JW: I think so. You always hear Fire Island and you think it’s so progressive and everyone’s super open-minded and that really hasn’t been my experience. I don’t want anything to be negative, I just think it’s like we’re just a small sector of society so societal norms carry over to Fire Island. So I think any progression like this is a huge deal. I do think it’s a step forward for Fire Island, for Ocean Beach. Maybe the next step is having another female mayor, who knows? I used to be a volunteer firefighter for Ocean Beach. Something like that, it is very male-centered, and I’ve always felt a little uncomfortable. But I’ve seen also throughout the years more and more women are joining the fire department. Things like that, maybe this will encourage even more women to join the lifeguarding crew. This year we have more women than we’ve ever had and that’s an incredible thing to see. I hope that continues for us, for the fire department, maybe for the board of trustees, every workplace here, every agency here.

FIN: Have you ever noticed any differences in how male versus female lifeguards are treated?

JW: I’ve noticed small differences here and there. In the beginning of the summer, I changed a few things. I think that everyone should be questioned, if you’re not questioning someone I think there’s a problem there. So I’m comfortable with people questioning me when I am changing something, or I have an idea, because that might lead to an even better idea. But I think the way I was being questioned might have been different. If I was a big male telling someone to do something, I think instead of someone saying ‘no, we shouldn’t do that,’ it would have been ‘hey maybe let’s think of doing it this way or what if we do this.’ I think there’s a difference sometimes and how people approach you and how people think they can speak to you.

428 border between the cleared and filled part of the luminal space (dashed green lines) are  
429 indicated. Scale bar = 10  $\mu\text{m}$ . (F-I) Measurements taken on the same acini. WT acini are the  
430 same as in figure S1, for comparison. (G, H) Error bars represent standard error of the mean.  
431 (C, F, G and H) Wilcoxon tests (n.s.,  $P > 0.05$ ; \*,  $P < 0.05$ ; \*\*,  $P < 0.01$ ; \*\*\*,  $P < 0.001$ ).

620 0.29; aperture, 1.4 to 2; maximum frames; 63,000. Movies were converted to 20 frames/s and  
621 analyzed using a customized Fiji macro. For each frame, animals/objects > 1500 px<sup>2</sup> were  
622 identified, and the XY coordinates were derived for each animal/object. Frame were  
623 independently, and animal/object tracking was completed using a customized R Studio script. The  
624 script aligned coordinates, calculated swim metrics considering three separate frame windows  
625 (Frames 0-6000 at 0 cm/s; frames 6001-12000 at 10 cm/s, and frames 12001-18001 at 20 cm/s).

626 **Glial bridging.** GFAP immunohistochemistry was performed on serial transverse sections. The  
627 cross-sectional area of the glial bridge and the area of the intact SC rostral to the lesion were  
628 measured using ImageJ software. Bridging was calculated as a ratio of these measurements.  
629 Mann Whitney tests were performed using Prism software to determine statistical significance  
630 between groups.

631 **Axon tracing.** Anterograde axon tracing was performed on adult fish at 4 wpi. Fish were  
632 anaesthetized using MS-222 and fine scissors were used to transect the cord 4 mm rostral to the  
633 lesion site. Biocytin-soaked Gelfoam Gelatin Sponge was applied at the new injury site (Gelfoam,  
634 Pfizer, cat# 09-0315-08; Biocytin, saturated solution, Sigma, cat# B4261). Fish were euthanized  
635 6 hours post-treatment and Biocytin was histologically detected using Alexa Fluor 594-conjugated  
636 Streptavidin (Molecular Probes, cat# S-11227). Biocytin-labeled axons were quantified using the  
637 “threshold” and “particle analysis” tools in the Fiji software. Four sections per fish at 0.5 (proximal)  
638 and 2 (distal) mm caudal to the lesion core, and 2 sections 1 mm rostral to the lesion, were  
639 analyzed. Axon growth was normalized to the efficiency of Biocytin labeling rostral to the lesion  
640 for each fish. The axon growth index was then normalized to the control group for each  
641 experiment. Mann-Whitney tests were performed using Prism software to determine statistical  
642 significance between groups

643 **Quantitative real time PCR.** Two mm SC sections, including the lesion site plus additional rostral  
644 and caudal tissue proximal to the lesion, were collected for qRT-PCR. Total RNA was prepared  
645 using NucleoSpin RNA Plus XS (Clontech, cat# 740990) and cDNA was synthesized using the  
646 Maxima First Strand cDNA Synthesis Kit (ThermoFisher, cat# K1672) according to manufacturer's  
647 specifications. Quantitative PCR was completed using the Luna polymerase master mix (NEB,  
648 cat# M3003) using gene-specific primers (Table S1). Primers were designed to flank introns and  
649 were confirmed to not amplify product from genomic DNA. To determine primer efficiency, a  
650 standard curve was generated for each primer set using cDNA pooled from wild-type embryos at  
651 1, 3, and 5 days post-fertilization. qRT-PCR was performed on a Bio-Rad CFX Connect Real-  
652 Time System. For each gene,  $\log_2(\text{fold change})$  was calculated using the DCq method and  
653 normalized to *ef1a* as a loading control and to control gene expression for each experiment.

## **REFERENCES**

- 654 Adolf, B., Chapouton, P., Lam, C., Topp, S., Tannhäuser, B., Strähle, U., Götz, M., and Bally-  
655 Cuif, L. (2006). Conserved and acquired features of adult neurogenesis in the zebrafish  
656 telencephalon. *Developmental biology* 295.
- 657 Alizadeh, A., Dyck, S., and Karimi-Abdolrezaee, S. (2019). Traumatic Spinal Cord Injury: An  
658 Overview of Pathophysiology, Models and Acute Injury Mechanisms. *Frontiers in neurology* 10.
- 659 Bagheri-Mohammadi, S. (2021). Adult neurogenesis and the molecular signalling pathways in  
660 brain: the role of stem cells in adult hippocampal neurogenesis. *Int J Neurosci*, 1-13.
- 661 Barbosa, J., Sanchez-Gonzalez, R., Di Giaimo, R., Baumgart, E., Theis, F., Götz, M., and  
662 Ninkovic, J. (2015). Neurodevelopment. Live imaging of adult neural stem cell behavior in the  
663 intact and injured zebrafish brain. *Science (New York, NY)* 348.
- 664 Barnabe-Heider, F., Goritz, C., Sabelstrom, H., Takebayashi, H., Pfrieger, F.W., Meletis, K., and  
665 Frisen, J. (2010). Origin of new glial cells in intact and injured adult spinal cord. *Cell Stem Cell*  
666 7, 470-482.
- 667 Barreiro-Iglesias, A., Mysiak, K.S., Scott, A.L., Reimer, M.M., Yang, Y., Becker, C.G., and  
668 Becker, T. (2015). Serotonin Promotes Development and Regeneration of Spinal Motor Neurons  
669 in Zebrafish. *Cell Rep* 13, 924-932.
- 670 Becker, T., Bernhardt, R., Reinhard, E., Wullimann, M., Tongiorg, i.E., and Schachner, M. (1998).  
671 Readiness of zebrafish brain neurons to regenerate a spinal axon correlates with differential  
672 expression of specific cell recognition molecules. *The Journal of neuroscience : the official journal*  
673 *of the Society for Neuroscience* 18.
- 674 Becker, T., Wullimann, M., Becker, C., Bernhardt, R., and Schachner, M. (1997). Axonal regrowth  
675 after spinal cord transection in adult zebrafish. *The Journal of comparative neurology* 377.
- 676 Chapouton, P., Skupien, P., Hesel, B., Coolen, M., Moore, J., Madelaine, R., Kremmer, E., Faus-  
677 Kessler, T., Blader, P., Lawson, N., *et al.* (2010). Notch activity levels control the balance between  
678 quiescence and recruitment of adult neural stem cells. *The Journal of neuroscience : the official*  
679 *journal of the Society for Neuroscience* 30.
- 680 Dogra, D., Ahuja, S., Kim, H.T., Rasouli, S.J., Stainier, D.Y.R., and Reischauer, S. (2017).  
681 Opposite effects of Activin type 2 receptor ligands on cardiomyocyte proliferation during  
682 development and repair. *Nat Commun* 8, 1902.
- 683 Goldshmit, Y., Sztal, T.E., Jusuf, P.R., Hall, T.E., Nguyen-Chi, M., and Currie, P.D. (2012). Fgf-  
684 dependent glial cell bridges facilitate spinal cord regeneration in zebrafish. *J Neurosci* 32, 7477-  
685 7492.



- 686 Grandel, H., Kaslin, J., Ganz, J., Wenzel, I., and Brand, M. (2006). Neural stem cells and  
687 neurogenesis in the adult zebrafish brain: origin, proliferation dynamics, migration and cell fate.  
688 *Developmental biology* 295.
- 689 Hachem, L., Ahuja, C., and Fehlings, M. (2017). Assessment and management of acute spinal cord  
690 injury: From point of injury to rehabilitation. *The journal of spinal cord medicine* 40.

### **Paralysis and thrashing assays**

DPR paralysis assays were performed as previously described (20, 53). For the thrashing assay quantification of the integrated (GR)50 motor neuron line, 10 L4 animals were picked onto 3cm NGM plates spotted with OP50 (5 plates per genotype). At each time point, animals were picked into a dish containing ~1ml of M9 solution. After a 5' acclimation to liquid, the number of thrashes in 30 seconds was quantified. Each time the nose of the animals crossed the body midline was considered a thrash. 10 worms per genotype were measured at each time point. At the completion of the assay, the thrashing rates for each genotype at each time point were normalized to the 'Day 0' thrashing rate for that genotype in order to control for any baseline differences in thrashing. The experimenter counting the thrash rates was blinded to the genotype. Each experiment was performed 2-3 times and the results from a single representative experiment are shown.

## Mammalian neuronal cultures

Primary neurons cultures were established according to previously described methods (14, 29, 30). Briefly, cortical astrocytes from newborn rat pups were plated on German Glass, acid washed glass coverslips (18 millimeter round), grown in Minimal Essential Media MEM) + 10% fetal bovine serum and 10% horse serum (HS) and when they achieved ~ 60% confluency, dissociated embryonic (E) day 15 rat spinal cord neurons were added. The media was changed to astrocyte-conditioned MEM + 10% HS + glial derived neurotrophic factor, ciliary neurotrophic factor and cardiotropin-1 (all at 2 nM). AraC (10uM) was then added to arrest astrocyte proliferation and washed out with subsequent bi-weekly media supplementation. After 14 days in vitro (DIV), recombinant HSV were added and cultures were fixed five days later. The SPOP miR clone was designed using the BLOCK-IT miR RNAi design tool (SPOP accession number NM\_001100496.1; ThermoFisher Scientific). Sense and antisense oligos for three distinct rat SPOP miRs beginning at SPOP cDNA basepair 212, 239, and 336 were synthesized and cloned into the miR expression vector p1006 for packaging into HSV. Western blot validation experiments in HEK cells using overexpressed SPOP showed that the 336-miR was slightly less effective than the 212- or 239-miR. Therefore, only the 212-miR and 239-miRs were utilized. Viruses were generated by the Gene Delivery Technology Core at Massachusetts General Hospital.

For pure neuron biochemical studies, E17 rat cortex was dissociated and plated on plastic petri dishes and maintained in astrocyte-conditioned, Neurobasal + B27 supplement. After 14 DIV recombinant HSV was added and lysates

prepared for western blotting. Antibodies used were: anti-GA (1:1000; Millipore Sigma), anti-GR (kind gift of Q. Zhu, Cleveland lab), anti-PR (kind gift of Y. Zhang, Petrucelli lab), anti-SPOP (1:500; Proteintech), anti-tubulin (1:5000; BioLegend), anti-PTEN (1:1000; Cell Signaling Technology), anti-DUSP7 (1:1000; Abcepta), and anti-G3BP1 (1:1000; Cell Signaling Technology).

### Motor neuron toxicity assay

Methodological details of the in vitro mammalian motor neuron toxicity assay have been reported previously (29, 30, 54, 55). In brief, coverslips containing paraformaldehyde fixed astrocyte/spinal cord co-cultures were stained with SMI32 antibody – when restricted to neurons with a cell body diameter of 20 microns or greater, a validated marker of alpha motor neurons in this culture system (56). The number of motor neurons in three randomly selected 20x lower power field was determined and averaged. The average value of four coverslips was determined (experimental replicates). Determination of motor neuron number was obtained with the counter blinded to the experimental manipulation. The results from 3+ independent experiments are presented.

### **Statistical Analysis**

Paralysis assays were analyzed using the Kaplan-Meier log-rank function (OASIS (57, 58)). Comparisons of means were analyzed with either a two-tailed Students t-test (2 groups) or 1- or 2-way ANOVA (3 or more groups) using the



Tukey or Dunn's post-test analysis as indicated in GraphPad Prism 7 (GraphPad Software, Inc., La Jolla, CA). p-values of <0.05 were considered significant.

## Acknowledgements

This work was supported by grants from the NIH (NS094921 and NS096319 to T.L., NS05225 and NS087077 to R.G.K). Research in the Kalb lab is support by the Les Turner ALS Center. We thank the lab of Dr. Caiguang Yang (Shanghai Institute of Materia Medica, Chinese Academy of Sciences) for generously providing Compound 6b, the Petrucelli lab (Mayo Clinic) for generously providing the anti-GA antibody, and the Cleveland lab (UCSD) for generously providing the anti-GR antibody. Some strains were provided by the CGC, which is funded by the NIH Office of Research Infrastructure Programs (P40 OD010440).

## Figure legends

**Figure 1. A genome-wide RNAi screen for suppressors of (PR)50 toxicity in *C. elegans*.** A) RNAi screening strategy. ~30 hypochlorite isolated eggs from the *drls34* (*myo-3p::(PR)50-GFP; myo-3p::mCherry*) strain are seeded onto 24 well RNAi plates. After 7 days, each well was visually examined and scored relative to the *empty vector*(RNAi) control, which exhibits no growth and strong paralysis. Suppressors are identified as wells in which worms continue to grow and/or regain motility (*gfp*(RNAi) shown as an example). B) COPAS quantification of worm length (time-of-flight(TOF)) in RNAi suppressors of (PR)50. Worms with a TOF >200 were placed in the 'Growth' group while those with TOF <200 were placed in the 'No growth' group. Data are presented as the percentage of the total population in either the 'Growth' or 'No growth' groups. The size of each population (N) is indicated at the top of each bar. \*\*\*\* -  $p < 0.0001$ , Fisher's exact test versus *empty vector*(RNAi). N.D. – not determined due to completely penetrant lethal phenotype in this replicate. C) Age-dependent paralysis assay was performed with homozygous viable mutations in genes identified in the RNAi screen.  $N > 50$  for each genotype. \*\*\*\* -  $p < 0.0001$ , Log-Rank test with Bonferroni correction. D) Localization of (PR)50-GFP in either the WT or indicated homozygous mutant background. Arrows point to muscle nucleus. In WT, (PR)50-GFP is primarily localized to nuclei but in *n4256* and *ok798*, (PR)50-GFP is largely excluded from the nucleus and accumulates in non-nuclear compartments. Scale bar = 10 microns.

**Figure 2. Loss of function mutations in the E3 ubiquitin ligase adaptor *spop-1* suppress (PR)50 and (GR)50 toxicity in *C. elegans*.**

FIN: Over the last 14 years have you noticed any shifts in the ratio of female lifeguards to male lifeguards?

JW: It fluctuates quite a bit. We’ve had one female lifeguard, Tricia Dowd, who’s been a lifeguard for 23 or 24 years. She’s honestly so incredible. She’s worked up here pregnant. I remember my first year she was pregnant with her first son, and I just remember looking at her and thinking, I could do that one day. I could do it all, I could be a mom, I could have a family and also do this. I think she was really the first person to show me that because in my mind it was always a career or family. And she does it all; she’s a teacher, she’s a mom of three and she lifeguards. I think she’s really shown a lot of the female guards that as well. So we’ve had female guards hired that are staying longer because they’re realizing I could be a teacher, I could be a lifeguard and I could be a mom. I don’t have to sacrifice anything.

FIN: Do you hope to share that message that as a woman you can do it all with people who are interested in becoming lifeguards or those who are already a part of the community?

JW: Yes, absolutely. I talk to the female lifeguards almost every week about it. You could do it all. You’re strong, you’re just as strong as the men here. You’re just as smart as them. People on the beach may look at you differently, and say, ‘Oh, if someone’s going to rescue me I want it to be one of those big guys over there with all the muscles.’ But at the end of the day, it’s how you swim, how you respond, how quick you are and how you’re using your brain in an emergency situation, and that doesn’t matter if you’re a male or a female, it’s just your training and your knowledge and your experience and how well you know the ocean. I try to get that message across to everyone on staff, not just the females.

FIN: Do you have any favorite lifeguarding moments that make you love the community and your work in the Island? In other words, what makes Fire Island special to you?

JW: Honestly, every day here is the best day ever. I get emotional thinking about it. I’m so lucky to be here every day and to be working with the people that I get to work with. It’s just the like-mindedness of us, of all the lifeguards here. We’re a family here and we share a like-mindedness about the ocean and each other. There’s nobody here that doesn’t care for one another and I think that’s part of lifeguarding. The people change every year, but that mindset is always the same, that we’re a family and we care for each other and we put our lives in each other’s hands, every single day.